I’ve spent many years being socially awkward and anxious. My way of dealing with being forced into social situations was to observe how “normal” people interacted, and try to emulate those traits in order to make myself seem like less of an awkward weirdo. Sadly, I’m not great at emulating the successful social butterflies, but I am pretty observant when it comes to the ways that people make it difficult to integrate others into conversation, because I am so often on the receiving end of this.
This is just a guide based on my own observations and social preferences, in a situation where you’re around strangers or people you’re not well aquainted with. Obviously pre-established social groups will have their own etiquettes.
1. Use internet speak like “lolz”, “winning”, “OMG” as part of everyday speech.
Obnoxious and annoying. No one above the age of 14 should speak in this way. Sorry.
2. Stop halfway through telling a story because it’s too embarrassing/rude/whatever.
If you’ve started a story, you’re indebted to finish it. Sorry, them’s the rules. You make it ten times worse when you say “oh nooo, I couldn’t POSSIBLY tell you the rest, it’s far too embarrassing!!!!” You know that just makes me want to hear it even more; or it makes me wonder if you’re just saying that to get attention; as in, “No, I’m dying to hear your story, don’t stop now!”
3. Not introducing people to each other.
It’s so easily done, but frustrating and potentially very awkward for newcomers in a group.
4. Inside jokes.
“bark bark bark CHICKEN! Bahaha! “ Just don’t, please. Inside jokes are awesome for the people who are a part of them, but for everyone else they’re annoying and isolating. Save the banter for a more private gathering.
5. Make offensive/oppressive comments about groups of people.
If you make a comment like “I’m not racist, but… [racist comment]” or “there’s no such thing as bisexual, they’re just greedy“, I’m gonna do one of two things, depending on my mood: 1) Call you out on it (usually after some dutch courage). 2) Quickly leave the conversation and avoid you for the rest of the evening, telling everyone else to avoid you too. There’s a fine line between ignorance, and asshattery. Furthermore, never assume that you’re ‘safe’ to, for example, tell a rape joke or make an ableist comment because no one looks disabled, or because no one is a survivor as far as you’re aware. A cheap joke or jibe on your part could cause a great deal of upset for someone – don’t be a dick.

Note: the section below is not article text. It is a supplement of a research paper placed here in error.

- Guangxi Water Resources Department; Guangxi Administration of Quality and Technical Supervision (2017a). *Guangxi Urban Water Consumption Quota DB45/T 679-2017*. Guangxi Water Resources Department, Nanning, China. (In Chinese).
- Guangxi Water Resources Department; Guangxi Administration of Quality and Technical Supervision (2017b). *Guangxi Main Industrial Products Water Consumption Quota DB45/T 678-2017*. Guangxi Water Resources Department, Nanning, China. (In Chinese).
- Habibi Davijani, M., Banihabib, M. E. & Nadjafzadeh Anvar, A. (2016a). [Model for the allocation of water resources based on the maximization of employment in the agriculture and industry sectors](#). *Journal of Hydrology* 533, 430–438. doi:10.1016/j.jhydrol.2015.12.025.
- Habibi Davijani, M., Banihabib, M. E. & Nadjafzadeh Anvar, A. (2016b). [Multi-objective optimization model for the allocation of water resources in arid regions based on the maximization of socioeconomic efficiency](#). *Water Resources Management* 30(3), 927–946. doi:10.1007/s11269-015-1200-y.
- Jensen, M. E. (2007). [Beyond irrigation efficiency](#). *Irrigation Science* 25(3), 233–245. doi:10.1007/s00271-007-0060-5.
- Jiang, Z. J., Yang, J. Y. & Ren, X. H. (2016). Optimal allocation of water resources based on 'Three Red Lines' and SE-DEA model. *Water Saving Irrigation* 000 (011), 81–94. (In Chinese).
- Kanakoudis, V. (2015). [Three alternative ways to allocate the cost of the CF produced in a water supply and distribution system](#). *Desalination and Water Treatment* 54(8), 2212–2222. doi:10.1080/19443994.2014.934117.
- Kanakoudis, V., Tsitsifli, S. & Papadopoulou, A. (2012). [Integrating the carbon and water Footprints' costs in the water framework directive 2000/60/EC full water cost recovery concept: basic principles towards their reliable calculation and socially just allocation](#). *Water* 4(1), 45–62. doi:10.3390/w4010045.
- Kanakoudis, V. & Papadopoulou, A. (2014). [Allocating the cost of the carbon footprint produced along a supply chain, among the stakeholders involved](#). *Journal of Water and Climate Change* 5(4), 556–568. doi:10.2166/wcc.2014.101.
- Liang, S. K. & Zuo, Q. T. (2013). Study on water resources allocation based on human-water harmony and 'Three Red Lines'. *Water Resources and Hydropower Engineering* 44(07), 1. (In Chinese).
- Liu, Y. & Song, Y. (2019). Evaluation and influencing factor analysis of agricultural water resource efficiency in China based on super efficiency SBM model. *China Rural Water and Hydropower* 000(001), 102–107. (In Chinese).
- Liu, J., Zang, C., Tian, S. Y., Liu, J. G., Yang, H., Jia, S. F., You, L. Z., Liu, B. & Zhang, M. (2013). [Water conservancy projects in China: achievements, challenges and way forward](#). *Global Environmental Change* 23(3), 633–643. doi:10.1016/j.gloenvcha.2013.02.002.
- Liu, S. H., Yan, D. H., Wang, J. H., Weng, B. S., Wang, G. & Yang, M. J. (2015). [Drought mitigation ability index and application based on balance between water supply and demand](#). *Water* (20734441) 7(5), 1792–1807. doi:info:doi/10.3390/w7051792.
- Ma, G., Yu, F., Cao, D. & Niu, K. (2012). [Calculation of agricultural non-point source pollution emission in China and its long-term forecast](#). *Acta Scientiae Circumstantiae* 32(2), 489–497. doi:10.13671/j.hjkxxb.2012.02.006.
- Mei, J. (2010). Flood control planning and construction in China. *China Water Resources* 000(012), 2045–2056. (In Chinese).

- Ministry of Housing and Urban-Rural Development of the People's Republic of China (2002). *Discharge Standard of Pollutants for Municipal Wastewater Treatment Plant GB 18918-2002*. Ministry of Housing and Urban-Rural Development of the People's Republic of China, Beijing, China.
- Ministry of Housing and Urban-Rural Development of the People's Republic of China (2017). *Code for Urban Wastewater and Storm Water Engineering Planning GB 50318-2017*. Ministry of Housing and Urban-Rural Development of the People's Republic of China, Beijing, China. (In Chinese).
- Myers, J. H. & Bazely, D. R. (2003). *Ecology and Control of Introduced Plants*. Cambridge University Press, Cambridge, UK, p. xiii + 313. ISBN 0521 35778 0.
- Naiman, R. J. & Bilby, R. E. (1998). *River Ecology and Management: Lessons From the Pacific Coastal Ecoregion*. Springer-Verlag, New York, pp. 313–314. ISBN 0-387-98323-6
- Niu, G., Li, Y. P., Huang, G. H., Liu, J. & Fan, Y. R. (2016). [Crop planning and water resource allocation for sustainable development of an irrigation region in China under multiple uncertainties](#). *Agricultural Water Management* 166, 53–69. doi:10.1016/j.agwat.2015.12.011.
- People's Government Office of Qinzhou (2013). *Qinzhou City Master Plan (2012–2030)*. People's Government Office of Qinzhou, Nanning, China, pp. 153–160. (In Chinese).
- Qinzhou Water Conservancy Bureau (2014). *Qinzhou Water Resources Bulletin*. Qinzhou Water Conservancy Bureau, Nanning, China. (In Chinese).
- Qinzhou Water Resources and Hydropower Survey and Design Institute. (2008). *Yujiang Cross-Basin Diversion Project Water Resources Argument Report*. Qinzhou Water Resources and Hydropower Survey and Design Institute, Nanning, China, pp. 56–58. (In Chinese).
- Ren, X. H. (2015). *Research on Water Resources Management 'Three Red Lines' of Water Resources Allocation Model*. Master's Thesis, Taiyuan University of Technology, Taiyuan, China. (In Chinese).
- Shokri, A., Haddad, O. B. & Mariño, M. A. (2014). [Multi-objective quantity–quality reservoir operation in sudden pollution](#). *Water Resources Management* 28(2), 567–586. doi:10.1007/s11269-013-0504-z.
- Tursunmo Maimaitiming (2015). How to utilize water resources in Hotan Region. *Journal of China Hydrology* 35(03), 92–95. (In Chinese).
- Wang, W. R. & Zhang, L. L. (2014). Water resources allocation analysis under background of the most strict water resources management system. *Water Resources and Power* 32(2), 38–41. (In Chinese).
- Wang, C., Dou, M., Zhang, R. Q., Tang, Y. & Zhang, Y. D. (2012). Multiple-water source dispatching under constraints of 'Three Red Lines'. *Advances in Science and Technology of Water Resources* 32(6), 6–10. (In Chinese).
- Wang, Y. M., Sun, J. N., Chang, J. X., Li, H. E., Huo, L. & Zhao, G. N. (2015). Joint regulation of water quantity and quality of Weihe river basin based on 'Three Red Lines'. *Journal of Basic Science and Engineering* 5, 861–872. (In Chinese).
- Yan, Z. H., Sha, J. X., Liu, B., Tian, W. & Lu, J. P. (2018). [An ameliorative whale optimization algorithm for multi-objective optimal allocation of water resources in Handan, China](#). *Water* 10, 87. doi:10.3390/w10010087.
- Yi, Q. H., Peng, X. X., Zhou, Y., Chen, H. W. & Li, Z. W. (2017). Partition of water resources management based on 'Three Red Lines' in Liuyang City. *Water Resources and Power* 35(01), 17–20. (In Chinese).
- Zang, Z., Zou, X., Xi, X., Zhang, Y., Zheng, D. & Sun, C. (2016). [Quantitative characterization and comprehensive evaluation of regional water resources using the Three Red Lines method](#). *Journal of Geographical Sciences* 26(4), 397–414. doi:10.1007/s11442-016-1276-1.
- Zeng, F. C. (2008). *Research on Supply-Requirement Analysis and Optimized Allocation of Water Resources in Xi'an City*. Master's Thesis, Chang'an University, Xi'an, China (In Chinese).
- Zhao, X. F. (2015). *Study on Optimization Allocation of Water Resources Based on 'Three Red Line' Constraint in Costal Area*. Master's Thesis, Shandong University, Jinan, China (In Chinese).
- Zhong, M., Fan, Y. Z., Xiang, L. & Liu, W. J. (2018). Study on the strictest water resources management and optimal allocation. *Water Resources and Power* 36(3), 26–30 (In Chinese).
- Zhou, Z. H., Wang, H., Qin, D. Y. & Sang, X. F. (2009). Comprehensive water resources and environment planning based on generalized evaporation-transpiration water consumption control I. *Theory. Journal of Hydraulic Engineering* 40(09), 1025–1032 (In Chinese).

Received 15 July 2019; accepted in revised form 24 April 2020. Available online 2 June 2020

6. Start a controversial debate.
Sometimes this is a good ice-breaker, when executed correctly (I personally don’t enjoy debating, but that’s just me). But a debate needs to be started it in the right way, in the right kind of atmosphere. I’d also advise a tactful approach – don’t bound into the conversation playing devil’s advocate with a wild statement like “who here disagrees with abortion?” (I heard someone doing this at a party a few months ago… awkward)
7. Cling to one person all evening.
If there are only a few of you (less than eight?) and you refuse to talk to anyone other than the person you arrived with, then that’s very frustrating, because it creates an us-and-them atmosphere that makes people uncomfortable. This has happened to me on double dates, and it’s so awkward. I will admit that this is something that people don’t notice they’re doing, and I’m sure I’ve done it unknowingly out of fear and discomfort – sticking to one person makes you feel safe. But it can make things quite awkward.
8. Keep going on and on about your significant other.
I want to hear about what you do, where you’ve been, what your interests are, not what you and your spouse do on the weekend. Unless you have a super-crazy awesome life together where you go hang-gliding and whatever every weekend. Though if that’s the case, then what are you doing at my party?